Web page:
A leading judge has criticised property laws which he says can be unfair to unmarried women when they separate from their partners.
Lord Justice Toulson’s comments came as he heard the case of Pamela Curren who was left destitute after her 30-year relationship with Brian Collins came to an end. The couple ran the Haven Boarding Kennels and Cattery near Ashford in Kent. They lived on the premises. It was bought in Mr Collins’ name for £750,000 in 2007.
Miss Curren said she trusted that her partner would give her a fair share of the property and business if they ever split up, but he did not.
The case first came before Central London County Court last May. Miss Curren told the court she had put a lot of hard work into the business but had nothing to show for it. However, she lost her claim for a share of Mr Collins’ assets. The judge ruled that the couple had not established a business partnership.
Miss Curren has now been granted permission to appeal that decision by the Court of Appeal.
Lord Justice Toulson said that judges “ought not to be affected by human sympathies; they must apply the law as they see it”. However, he went on to add that it “was extremely difficult not to be affected by a sense that the appellant (Miss Curren) has, in truth, been treated unfairly.
“She describes herself as a nobody, but with a profound sense that what’s happened was not just. She says she worked really hard at the kennels and got nothing for it.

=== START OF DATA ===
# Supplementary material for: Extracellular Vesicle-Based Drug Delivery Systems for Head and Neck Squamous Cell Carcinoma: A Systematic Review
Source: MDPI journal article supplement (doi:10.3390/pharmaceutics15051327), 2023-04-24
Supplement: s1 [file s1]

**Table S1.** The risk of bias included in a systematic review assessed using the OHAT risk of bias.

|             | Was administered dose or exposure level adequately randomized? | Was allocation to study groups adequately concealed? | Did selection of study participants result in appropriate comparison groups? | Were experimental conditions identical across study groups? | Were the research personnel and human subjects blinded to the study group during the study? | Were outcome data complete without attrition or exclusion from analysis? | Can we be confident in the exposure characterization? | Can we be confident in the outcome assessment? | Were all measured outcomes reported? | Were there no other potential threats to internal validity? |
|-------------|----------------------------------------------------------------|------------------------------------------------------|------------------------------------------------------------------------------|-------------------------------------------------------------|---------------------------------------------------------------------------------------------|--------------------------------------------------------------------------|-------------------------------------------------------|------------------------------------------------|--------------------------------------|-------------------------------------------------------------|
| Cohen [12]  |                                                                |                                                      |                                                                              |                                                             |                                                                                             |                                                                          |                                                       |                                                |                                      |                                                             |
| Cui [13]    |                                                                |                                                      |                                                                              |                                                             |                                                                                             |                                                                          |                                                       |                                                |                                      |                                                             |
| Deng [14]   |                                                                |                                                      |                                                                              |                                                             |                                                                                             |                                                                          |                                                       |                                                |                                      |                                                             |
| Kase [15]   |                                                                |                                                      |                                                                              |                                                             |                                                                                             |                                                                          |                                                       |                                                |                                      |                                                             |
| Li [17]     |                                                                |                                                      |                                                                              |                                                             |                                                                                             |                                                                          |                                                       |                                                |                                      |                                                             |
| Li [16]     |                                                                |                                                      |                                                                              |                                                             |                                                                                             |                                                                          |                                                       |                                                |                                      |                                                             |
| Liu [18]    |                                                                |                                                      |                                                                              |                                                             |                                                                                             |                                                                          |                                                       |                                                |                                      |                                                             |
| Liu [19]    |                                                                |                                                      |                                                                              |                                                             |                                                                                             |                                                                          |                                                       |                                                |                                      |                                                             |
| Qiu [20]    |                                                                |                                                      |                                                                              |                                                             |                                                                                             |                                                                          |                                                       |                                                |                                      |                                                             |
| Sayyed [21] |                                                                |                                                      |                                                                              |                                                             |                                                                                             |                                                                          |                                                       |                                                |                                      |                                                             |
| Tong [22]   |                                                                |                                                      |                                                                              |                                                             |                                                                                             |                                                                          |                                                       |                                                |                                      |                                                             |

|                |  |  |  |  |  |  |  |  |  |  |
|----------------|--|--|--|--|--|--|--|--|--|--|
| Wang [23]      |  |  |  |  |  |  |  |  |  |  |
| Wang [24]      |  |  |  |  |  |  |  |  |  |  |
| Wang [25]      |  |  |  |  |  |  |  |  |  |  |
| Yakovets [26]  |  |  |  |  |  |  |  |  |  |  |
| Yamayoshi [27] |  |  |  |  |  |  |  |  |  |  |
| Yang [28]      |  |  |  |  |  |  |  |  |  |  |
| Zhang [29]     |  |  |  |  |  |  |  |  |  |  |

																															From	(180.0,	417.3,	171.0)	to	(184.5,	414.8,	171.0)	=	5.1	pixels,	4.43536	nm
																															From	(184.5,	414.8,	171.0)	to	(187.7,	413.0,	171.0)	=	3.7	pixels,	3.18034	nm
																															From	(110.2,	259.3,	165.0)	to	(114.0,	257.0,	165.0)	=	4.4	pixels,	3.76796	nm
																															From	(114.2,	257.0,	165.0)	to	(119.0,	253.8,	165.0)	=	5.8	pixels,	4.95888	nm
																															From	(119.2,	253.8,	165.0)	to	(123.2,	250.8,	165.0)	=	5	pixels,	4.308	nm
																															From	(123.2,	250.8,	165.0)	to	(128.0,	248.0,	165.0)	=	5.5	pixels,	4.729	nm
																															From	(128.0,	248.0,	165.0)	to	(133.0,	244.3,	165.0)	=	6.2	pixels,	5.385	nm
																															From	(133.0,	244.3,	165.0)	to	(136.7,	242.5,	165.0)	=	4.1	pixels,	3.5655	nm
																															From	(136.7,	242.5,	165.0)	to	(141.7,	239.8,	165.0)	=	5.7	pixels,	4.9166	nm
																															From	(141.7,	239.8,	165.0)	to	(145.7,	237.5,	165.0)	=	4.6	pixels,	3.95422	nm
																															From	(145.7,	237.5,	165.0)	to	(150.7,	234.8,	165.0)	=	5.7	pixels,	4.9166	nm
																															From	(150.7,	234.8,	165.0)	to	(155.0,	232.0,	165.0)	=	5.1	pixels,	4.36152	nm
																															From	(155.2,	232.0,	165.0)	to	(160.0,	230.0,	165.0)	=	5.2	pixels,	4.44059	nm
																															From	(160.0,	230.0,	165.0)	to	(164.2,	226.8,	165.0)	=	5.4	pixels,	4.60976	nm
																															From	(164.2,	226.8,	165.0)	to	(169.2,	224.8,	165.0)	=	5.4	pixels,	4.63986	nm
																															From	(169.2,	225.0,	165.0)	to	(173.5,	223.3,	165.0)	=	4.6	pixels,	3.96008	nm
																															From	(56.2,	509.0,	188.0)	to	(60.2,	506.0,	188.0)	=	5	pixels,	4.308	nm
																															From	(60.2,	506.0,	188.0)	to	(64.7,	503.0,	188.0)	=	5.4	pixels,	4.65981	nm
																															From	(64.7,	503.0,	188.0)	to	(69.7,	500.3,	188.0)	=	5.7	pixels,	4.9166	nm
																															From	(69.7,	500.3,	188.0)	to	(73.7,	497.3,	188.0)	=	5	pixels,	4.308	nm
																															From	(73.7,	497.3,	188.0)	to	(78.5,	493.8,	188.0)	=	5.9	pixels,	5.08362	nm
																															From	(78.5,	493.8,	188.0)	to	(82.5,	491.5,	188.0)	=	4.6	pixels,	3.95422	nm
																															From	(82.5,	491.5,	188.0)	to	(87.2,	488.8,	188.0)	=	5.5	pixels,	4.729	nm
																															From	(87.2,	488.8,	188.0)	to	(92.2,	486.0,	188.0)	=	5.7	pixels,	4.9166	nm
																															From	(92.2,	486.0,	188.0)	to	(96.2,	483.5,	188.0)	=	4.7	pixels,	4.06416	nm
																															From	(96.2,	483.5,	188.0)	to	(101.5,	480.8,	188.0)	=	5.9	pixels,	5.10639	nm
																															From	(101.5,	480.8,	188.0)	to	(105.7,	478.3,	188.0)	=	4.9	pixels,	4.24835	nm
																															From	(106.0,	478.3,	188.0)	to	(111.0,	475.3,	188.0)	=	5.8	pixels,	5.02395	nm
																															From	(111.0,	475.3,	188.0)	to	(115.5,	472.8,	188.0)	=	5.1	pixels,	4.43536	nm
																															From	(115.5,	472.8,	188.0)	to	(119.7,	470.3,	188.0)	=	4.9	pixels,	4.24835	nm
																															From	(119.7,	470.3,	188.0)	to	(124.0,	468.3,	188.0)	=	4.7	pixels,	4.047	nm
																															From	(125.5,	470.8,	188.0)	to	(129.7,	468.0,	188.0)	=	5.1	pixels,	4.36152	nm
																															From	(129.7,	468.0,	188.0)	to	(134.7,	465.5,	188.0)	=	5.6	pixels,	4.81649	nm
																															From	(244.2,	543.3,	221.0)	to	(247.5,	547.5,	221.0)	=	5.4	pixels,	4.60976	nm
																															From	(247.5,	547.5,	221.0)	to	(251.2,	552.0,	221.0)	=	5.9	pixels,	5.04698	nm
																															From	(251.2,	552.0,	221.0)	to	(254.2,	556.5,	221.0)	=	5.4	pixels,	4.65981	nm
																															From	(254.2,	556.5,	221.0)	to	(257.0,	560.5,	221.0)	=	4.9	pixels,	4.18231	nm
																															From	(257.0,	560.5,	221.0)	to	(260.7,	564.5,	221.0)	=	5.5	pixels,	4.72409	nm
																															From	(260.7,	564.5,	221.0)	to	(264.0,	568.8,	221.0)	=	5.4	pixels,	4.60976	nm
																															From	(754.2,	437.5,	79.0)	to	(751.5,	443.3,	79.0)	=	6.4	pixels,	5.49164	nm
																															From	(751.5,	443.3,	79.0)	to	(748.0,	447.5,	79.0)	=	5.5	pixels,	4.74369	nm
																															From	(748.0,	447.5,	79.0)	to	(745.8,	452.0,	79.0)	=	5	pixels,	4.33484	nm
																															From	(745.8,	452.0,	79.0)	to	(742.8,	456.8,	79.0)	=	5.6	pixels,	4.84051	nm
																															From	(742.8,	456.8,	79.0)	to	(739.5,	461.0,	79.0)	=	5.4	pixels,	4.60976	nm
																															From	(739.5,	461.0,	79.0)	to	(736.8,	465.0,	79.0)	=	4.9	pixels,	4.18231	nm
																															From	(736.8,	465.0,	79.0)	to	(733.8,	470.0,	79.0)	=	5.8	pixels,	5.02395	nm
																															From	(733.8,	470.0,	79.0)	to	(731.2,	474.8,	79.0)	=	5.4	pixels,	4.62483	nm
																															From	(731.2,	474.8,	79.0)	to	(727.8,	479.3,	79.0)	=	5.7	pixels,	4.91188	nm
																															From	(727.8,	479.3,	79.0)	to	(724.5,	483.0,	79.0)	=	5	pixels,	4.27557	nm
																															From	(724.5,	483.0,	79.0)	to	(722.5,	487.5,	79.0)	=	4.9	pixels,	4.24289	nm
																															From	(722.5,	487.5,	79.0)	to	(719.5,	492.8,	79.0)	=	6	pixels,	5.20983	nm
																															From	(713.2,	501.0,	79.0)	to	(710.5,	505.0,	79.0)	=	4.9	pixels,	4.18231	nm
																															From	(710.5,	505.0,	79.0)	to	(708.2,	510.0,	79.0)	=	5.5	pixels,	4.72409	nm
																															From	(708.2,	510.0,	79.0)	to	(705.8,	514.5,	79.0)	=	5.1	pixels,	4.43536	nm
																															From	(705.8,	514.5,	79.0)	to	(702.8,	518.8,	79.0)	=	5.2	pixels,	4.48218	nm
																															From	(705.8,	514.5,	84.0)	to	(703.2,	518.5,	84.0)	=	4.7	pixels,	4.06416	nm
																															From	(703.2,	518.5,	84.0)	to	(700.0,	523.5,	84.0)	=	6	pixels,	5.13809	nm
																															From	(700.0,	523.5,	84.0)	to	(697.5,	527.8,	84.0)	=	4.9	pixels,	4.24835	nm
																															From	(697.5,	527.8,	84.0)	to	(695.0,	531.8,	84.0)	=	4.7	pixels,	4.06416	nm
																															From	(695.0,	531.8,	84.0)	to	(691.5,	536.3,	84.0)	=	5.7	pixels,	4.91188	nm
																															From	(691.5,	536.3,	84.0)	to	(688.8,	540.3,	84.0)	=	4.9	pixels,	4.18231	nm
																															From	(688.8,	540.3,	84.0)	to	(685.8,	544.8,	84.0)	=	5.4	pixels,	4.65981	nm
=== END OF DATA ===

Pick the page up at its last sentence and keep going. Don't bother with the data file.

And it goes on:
“Sadly, she found herself in the classic position of a woman jilted in her early fifties, having very much made her life with the respondent for over 30 years. The law of property can be harsh on people, usually women, in that situation.
“Bluntly, the law remains unfair to people in the appellant’s position, but the judge was constrained to apply the law as it is.”
Miss Curren can now appeal against the County Court ruling but, of course, it is uncertain whether she will succeed in getting the decision overturned.
Sadly, cases like that of Miss Curren are not uncommon. Many cohabiting couples believe they have the same legal rights as married couples but this is not the case. In fact, cohabitants have very few legal rights and so are vulnerable if their relationship breaks down.
It is possible for cohabiting couples to protect their interests by drawing up cohabitation or living together agreements which set out in advance how their assets should be divided if they ever separate.
Many couples say their relationship actually improves once it has been put on a firm legal footing with each partner knowing their interests are properly protected.
Please contact us if you would like more information about the issues raised in this article or any aspect of family law.